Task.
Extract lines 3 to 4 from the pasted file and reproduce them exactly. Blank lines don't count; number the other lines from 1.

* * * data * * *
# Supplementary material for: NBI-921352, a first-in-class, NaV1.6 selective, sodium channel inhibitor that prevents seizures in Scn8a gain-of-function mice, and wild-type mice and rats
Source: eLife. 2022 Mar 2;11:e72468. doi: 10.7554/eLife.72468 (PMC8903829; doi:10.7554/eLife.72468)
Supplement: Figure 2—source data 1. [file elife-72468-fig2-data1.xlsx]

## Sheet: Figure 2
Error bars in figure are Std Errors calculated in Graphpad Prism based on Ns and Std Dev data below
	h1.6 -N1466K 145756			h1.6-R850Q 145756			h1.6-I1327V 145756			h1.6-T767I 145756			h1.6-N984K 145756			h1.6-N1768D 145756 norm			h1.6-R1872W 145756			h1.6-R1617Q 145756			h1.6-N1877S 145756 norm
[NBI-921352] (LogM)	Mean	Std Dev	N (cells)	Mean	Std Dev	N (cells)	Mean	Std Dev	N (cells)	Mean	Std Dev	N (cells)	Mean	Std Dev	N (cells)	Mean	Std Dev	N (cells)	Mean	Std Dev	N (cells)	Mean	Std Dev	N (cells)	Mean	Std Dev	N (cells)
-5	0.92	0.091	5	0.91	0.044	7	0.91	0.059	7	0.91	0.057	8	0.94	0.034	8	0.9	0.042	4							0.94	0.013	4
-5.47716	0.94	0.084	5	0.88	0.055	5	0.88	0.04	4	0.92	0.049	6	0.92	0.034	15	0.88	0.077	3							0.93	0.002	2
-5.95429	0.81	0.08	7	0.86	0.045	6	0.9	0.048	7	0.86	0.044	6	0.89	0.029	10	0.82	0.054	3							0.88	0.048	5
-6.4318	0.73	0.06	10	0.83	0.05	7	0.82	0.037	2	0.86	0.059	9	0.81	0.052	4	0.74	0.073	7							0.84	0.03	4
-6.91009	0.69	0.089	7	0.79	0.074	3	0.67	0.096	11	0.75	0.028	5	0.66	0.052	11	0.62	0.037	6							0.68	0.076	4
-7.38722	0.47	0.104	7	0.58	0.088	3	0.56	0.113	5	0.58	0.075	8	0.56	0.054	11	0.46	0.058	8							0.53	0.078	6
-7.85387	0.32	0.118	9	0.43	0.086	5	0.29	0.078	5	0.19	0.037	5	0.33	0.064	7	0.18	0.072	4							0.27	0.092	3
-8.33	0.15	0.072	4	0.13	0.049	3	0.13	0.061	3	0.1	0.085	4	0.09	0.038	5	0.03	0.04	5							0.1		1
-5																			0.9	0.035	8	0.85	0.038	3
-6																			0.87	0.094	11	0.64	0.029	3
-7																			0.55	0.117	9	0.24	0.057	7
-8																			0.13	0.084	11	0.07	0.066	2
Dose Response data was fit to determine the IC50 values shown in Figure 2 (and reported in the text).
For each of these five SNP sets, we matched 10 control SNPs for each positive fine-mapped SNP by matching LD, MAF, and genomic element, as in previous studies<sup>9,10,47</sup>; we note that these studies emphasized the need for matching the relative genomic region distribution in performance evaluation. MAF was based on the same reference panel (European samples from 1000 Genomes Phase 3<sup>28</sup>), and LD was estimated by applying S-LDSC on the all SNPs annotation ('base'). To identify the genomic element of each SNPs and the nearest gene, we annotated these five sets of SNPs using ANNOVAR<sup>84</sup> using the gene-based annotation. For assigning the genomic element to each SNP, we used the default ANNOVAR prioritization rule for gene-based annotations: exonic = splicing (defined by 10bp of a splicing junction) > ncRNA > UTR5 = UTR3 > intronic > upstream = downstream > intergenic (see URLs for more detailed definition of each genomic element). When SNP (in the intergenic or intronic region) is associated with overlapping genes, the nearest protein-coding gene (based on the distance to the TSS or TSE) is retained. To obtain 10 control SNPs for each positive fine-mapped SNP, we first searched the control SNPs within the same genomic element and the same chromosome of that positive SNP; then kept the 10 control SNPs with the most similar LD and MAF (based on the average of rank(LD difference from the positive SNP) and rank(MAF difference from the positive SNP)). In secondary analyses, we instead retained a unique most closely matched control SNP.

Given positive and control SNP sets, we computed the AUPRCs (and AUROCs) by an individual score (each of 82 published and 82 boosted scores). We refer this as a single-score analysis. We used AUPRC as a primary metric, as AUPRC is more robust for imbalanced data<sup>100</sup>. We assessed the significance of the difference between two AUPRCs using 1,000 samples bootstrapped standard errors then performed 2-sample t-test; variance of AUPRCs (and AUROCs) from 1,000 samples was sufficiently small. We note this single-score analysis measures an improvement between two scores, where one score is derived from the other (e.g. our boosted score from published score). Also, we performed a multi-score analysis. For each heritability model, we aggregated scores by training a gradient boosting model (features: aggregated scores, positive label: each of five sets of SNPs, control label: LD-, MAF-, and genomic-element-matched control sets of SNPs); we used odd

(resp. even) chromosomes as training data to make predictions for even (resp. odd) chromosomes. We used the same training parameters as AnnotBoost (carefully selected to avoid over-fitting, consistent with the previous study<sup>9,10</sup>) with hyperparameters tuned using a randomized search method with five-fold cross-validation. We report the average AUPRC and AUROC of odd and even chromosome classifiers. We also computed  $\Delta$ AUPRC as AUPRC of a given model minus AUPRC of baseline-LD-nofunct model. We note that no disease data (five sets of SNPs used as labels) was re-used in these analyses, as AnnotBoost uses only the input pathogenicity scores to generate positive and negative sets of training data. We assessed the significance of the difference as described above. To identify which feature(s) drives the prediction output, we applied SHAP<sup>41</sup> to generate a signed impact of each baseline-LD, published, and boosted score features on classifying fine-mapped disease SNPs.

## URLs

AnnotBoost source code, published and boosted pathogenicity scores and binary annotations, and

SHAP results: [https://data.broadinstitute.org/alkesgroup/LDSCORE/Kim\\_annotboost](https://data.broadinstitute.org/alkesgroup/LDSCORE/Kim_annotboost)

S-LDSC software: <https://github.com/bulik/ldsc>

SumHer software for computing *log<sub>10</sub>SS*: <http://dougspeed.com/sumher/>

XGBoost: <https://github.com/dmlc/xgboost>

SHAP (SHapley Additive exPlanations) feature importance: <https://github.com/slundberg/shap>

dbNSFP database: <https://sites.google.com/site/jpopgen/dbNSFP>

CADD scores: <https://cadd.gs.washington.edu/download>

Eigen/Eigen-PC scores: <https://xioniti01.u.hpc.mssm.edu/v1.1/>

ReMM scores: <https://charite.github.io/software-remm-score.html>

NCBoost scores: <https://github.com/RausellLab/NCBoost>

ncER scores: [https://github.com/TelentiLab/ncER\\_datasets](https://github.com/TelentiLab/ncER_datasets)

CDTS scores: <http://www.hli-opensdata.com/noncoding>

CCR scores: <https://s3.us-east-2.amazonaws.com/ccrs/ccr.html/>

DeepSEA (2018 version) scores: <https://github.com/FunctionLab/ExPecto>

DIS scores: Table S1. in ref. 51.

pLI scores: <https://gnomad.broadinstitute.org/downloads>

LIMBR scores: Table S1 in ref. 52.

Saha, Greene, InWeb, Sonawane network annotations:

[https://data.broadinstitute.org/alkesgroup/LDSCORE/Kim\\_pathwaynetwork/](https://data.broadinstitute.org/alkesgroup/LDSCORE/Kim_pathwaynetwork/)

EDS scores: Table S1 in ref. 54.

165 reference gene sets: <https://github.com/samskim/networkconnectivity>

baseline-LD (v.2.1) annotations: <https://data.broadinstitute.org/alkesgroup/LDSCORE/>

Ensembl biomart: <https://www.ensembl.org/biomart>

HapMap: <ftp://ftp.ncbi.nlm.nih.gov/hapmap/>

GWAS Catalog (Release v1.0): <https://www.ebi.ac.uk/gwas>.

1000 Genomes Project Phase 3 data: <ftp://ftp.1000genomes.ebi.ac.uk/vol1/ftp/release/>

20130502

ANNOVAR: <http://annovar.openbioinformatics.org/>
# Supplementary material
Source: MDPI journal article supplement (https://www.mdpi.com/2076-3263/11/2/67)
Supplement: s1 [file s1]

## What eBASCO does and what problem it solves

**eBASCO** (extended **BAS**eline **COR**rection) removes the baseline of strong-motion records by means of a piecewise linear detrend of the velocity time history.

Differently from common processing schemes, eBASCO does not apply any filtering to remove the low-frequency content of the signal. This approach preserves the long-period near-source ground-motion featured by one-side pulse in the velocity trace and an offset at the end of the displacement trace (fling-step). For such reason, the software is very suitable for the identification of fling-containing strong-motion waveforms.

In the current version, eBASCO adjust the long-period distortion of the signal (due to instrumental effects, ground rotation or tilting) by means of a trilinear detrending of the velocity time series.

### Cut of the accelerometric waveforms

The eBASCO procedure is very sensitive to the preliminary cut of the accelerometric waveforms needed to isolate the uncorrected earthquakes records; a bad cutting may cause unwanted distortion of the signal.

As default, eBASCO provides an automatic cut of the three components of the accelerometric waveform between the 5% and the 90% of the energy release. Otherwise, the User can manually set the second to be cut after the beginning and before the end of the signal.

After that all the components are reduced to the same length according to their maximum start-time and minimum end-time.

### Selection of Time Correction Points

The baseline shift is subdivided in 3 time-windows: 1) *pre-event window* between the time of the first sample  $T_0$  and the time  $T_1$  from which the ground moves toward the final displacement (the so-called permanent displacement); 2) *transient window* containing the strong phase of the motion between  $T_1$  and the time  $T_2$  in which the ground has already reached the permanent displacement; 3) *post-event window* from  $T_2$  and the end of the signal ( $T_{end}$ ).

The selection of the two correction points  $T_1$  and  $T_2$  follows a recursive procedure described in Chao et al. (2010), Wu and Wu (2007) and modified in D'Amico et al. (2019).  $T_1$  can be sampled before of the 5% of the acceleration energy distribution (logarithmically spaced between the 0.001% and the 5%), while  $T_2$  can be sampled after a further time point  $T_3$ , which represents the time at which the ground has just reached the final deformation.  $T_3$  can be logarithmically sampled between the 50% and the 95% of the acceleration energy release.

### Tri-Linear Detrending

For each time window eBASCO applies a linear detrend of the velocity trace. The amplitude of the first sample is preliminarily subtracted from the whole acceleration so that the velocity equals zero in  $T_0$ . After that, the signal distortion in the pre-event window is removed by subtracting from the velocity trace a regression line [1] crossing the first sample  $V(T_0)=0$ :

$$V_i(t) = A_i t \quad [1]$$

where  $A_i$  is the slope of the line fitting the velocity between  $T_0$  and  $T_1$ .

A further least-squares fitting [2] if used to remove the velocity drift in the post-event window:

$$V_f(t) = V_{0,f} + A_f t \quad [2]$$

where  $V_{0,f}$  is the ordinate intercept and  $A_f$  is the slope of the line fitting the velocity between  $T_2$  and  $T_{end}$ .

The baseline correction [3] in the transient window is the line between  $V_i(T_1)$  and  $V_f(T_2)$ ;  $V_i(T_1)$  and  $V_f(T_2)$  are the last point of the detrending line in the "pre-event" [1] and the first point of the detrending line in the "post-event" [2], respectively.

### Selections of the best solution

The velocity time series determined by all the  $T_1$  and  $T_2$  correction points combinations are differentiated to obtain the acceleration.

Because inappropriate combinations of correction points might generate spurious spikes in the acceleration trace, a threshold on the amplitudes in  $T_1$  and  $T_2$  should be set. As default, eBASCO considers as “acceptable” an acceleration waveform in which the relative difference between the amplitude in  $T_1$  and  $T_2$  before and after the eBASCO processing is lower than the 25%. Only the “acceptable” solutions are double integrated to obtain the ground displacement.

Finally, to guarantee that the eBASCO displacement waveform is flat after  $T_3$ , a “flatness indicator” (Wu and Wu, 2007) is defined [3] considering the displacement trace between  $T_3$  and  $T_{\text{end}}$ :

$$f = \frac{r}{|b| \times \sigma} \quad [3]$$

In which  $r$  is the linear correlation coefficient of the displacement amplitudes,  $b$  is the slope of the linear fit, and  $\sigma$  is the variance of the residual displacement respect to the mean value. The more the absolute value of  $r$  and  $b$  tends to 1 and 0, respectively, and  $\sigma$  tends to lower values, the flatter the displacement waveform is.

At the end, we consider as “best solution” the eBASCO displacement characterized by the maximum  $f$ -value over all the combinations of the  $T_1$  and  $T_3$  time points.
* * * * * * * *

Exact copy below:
Supplement: Figure 2—source data 1. [file elife-72468-fig2-data1.xlsx]

## Sheet: Figure 2